Now, doesn’t this sound fantastic? And I know what you are thinking: “With all these powerful Eurocrats in attendance, the guest list from the Moscow side must be equally stellar?” Well, I’m sorry to disappoint you, but it’s not. In fact, I’m pretty sure that if you gave me half an hour, I could round up a more influential bunch of Russians in any decent restaurant within a mile of the Kremlin. Or 1,609 meters in Brussels’ speak.

Quite honestly, I have been staring at the list of speakers for some time now, and I don’t know whether to laugh or cry. Because its a complete collection of non-entities. For instance, the most prominent politician mentioned is Vladimir Kara-Murza, the deputy leader of PARNAS, a party which received 0.73 percent of the vote in September’s Russian Parliamentary elections, or 384,675 votes from a turnout of 52,700,922. Also, it’s worth noting how this ballot was considered the cleanest in Russia since the early 1990s.

For some context, PARNAS’ total is a smaller percentage than Jill Stein (0.98 percent) earned in last week’s US Presidential election. And, let’s be totally honest here, if Eurocrats met Stein to discuss the future of America, while completely ignoring the existence of elected delegates from the Republican and Democratic parties, everybody would laugh at them. Even though she’s actually the leader of the Green Party, whereas PARNAS’ chief, Mikhail Kasyanov, has sent his number two to the shindig.

A further perusal of the menu shows how it’s entirely devoid of business figures and I’m not even sure that the “representatives of the expert community” amount to anything substantial either.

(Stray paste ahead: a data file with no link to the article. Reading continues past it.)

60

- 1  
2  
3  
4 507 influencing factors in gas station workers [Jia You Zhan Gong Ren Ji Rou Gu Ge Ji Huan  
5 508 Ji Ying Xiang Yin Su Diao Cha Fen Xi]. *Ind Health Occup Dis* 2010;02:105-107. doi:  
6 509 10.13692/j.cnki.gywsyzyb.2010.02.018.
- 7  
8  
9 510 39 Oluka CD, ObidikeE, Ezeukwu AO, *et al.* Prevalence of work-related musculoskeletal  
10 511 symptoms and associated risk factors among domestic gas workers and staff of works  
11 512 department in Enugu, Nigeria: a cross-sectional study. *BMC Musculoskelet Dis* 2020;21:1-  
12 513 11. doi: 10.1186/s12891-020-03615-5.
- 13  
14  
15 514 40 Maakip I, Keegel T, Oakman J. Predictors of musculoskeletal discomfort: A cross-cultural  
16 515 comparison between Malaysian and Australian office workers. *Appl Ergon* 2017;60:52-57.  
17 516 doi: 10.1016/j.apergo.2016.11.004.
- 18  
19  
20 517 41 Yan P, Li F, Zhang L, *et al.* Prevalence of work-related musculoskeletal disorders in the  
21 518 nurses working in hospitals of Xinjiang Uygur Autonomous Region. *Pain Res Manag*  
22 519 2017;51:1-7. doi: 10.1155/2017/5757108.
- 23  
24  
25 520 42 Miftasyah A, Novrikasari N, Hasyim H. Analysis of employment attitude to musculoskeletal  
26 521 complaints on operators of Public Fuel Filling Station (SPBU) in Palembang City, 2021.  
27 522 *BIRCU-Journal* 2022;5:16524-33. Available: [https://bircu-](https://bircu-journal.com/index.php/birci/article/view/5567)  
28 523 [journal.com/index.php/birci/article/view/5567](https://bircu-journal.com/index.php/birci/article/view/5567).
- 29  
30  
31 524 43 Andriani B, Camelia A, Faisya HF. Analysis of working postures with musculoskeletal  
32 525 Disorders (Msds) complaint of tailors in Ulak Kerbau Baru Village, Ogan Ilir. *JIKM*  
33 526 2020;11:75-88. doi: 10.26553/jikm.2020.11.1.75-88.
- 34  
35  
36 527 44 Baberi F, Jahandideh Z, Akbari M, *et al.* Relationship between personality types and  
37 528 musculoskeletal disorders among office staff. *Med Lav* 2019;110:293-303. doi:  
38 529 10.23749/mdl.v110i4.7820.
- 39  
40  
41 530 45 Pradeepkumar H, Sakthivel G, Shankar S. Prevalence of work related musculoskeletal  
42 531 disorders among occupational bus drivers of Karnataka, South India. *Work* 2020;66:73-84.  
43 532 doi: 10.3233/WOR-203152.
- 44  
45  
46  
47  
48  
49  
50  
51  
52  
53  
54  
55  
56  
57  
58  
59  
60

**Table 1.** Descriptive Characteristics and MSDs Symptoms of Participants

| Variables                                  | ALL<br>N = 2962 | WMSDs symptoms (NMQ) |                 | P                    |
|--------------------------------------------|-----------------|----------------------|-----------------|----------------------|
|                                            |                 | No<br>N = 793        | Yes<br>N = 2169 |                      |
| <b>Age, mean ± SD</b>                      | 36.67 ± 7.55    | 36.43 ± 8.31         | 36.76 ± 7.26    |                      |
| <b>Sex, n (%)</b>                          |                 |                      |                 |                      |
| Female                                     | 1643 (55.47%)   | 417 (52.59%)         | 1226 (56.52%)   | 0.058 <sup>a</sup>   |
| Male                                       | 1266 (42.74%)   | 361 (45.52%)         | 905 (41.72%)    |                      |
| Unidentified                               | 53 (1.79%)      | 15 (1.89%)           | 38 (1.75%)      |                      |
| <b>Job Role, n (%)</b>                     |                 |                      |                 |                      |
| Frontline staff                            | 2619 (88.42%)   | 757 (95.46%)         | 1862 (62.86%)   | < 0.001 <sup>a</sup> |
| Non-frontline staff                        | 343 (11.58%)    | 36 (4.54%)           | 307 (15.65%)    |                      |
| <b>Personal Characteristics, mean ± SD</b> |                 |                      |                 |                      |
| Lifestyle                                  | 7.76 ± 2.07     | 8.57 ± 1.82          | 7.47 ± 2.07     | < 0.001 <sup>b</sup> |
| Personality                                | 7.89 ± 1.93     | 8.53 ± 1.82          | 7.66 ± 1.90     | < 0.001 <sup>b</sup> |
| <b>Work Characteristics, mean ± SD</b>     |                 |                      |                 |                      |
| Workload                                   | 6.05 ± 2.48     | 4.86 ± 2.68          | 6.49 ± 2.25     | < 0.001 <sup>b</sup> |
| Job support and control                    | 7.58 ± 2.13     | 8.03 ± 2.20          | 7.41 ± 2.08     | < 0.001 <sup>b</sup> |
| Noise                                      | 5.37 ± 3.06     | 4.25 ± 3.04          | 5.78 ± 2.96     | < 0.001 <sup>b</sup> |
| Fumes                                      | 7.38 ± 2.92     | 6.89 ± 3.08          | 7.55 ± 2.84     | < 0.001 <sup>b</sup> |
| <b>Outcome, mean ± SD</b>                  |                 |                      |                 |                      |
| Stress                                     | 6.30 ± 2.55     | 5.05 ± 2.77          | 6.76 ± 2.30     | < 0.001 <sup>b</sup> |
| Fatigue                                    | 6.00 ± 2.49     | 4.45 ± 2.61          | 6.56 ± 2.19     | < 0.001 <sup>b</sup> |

Confused Function

Thus, it’s time to question what this absurdity is really about. It’s pretty obvious how much Eurocrats dislike the Russian government, but now it appears that they don’t wish to deal with the Kremlin at all. Nevertheless, their solution to the conundrum is jaw-dropping in its irrationality. It seems they have created their own team of fantasy Russians who agree with them, on pretty much everything, and decided to play pretend politics. So, instead of engaging with people who actually have influence in Moscow, Eurocrats prefer to deal with “house Russians” who don’t ask difficult questions.

The problem is that there’s probably more chance of Martin Schulz becoming King of England or Guy Verhofstadt taking the throne in Thailand than any of the Boris Nemtsov Forum attendees ever achieving positions of power in the Kremlin. As a result these two days are a total and utter waste of time.